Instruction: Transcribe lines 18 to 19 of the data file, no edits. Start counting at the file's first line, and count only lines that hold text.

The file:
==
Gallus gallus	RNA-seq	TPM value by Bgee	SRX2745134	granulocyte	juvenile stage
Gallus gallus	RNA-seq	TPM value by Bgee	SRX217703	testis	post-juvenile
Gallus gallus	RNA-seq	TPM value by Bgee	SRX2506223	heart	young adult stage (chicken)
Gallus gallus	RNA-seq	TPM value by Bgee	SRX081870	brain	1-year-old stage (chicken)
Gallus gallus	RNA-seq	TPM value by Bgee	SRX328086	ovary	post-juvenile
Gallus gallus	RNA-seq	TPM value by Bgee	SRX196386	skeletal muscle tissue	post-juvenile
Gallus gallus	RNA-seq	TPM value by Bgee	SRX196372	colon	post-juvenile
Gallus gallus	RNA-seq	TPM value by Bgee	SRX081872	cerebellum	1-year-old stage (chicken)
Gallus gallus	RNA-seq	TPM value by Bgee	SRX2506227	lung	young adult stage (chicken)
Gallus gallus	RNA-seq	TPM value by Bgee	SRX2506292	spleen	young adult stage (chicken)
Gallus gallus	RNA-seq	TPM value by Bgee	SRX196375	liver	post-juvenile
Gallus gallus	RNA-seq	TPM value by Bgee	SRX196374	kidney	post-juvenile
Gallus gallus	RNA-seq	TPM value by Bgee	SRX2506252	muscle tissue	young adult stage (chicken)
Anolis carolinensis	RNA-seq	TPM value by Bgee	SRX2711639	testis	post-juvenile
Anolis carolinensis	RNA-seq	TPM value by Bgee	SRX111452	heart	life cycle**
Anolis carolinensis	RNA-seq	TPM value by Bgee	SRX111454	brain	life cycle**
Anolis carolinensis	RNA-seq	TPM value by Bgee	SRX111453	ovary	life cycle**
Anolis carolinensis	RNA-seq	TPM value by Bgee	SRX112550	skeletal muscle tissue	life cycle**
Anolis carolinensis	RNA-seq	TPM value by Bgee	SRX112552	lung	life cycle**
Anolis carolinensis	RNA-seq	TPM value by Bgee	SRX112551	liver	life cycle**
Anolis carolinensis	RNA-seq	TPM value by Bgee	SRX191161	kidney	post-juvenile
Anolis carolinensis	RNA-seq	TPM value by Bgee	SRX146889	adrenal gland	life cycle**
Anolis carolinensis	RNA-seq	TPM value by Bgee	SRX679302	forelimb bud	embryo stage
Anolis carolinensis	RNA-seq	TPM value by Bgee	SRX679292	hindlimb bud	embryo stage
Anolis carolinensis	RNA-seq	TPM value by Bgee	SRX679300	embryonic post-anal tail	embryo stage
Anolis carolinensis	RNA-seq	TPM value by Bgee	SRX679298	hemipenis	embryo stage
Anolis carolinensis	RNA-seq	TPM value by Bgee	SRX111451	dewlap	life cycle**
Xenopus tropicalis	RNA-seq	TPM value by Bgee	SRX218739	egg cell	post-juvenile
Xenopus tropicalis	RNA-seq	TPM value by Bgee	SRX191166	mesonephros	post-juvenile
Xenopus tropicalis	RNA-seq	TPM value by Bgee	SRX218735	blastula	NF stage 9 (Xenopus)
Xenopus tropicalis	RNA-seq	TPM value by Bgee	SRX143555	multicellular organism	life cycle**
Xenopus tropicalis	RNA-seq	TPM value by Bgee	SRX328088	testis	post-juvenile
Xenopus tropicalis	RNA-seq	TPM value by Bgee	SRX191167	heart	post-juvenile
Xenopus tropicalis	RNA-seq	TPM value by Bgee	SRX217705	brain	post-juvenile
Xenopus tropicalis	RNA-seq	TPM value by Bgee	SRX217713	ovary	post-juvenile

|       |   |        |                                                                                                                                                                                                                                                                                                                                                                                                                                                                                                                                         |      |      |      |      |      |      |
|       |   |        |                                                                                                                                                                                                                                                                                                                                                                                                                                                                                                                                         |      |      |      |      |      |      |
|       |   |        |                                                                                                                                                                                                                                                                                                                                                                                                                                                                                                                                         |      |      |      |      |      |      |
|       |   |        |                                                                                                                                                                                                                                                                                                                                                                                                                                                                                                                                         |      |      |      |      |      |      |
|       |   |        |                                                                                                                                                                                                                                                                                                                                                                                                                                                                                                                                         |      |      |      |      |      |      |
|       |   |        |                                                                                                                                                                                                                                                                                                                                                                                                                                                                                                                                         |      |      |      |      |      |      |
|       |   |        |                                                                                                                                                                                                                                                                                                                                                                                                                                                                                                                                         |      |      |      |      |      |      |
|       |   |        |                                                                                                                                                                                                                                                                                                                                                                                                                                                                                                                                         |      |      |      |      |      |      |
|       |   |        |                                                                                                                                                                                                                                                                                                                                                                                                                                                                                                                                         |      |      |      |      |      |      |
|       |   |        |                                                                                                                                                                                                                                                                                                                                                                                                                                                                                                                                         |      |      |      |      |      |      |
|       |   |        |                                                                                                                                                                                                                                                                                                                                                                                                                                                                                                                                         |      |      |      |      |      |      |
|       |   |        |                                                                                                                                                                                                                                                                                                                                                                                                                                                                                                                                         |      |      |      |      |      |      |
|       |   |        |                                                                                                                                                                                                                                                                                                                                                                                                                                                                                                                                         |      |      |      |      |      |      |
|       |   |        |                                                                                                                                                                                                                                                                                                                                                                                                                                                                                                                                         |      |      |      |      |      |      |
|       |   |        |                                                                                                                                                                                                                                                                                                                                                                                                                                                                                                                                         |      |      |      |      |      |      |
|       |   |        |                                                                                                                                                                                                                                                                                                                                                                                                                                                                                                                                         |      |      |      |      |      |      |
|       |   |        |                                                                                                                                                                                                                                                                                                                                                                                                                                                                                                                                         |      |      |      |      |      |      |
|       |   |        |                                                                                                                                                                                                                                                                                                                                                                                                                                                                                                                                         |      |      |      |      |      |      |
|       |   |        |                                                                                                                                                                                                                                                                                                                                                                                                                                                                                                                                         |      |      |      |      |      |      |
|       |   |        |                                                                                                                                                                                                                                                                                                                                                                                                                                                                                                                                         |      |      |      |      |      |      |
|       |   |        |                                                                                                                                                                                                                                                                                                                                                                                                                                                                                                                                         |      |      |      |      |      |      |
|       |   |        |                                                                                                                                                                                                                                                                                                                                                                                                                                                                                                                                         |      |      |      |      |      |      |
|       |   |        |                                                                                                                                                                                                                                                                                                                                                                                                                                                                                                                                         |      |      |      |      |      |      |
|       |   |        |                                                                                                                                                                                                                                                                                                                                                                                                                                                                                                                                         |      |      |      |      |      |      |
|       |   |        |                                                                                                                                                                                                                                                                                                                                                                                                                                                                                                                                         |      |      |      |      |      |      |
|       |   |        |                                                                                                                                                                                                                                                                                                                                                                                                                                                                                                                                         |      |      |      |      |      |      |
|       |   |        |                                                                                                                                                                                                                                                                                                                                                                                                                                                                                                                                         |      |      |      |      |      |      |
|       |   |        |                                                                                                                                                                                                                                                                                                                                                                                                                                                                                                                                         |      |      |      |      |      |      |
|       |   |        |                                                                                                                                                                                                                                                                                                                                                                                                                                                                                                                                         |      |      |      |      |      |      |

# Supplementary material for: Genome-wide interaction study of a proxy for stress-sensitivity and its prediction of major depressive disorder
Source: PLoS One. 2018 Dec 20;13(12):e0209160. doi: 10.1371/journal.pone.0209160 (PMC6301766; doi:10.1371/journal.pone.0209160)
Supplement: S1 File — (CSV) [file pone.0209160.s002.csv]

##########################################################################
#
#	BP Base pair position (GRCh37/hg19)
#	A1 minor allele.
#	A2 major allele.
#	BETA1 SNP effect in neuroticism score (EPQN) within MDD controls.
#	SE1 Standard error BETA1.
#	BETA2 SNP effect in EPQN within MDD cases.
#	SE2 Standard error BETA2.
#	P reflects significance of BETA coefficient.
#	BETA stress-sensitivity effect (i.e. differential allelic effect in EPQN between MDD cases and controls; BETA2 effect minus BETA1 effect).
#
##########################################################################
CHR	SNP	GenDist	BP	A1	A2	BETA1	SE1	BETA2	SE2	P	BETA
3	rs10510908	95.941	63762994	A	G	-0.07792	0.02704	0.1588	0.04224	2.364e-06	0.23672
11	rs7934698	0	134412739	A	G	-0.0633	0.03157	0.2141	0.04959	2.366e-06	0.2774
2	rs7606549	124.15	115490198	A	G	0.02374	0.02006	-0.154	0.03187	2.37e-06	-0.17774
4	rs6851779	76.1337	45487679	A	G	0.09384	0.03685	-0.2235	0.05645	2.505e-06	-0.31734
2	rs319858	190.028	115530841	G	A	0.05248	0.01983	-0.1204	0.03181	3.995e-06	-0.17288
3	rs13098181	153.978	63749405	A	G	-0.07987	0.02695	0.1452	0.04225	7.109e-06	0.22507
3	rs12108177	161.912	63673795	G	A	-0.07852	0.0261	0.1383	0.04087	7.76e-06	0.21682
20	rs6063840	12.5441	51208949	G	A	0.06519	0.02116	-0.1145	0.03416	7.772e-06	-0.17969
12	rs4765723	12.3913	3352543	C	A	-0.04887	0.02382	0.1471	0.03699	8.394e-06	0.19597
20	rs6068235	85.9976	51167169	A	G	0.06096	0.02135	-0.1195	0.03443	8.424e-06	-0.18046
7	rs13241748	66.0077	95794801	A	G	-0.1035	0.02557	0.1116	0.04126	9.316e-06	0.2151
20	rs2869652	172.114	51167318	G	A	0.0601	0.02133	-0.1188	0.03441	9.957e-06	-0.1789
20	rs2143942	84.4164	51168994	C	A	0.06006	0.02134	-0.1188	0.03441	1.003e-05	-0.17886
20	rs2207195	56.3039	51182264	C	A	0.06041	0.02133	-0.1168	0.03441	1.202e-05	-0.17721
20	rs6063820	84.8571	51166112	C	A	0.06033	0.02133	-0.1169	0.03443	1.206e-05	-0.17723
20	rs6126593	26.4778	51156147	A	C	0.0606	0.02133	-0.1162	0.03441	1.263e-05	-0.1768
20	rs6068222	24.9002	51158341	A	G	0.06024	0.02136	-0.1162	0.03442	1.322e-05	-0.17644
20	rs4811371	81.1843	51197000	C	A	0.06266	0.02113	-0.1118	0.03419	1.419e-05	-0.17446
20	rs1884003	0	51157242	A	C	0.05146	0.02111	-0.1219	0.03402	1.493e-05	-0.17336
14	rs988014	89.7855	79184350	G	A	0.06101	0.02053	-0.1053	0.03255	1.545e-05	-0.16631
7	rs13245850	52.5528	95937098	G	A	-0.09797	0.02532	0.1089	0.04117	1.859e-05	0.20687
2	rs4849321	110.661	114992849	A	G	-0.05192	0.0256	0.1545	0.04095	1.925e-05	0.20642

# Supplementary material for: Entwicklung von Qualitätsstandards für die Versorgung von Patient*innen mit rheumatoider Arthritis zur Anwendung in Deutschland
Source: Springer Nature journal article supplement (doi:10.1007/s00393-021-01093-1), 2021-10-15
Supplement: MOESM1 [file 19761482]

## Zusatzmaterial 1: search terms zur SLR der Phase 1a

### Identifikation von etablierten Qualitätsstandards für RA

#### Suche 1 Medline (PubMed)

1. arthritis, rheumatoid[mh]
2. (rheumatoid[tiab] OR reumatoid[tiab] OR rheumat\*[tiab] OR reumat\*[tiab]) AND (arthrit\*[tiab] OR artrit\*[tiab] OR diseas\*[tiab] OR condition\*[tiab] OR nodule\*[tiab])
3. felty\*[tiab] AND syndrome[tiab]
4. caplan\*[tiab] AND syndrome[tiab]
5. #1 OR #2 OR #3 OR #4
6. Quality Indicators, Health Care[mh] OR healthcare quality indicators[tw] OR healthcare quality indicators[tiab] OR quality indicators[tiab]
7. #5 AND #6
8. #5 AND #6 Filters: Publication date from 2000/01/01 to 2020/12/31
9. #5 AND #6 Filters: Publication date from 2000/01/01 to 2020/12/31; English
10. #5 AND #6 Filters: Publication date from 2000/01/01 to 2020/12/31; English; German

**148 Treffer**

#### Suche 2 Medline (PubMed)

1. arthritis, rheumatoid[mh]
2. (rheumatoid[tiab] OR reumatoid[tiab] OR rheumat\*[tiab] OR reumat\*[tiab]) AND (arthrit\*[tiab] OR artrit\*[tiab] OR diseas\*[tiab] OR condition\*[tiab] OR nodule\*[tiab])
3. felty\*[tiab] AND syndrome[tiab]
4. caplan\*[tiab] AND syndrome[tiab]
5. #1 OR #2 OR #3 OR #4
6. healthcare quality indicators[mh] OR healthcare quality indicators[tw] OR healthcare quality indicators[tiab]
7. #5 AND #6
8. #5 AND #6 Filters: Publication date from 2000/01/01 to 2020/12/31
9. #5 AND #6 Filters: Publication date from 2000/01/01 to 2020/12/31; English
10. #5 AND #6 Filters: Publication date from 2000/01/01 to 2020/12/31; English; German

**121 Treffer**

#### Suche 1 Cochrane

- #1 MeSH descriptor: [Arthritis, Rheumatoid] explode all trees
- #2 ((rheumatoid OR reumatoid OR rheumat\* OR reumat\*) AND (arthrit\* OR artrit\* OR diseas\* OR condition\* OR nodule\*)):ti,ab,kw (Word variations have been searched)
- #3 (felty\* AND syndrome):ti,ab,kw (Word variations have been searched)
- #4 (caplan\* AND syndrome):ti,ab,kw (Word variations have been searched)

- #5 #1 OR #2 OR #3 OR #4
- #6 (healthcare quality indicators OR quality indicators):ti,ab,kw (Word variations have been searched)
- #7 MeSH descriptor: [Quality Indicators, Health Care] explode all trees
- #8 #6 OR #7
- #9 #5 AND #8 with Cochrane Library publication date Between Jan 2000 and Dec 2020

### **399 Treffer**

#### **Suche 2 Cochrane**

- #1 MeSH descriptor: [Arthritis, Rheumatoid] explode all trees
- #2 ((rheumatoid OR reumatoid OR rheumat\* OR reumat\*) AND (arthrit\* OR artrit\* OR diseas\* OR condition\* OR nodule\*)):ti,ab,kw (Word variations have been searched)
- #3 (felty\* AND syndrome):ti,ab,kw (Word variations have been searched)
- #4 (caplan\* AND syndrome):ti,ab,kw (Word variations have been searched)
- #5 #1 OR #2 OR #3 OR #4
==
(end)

Anolis carolinensis	RNA-seq	TPM value by Bgee	SRX112550	skeletal muscle tissue	life cycle**
Anolis carolinensis	RNA-seq	TPM value by Bgee	SRX112552	lung	life cycle**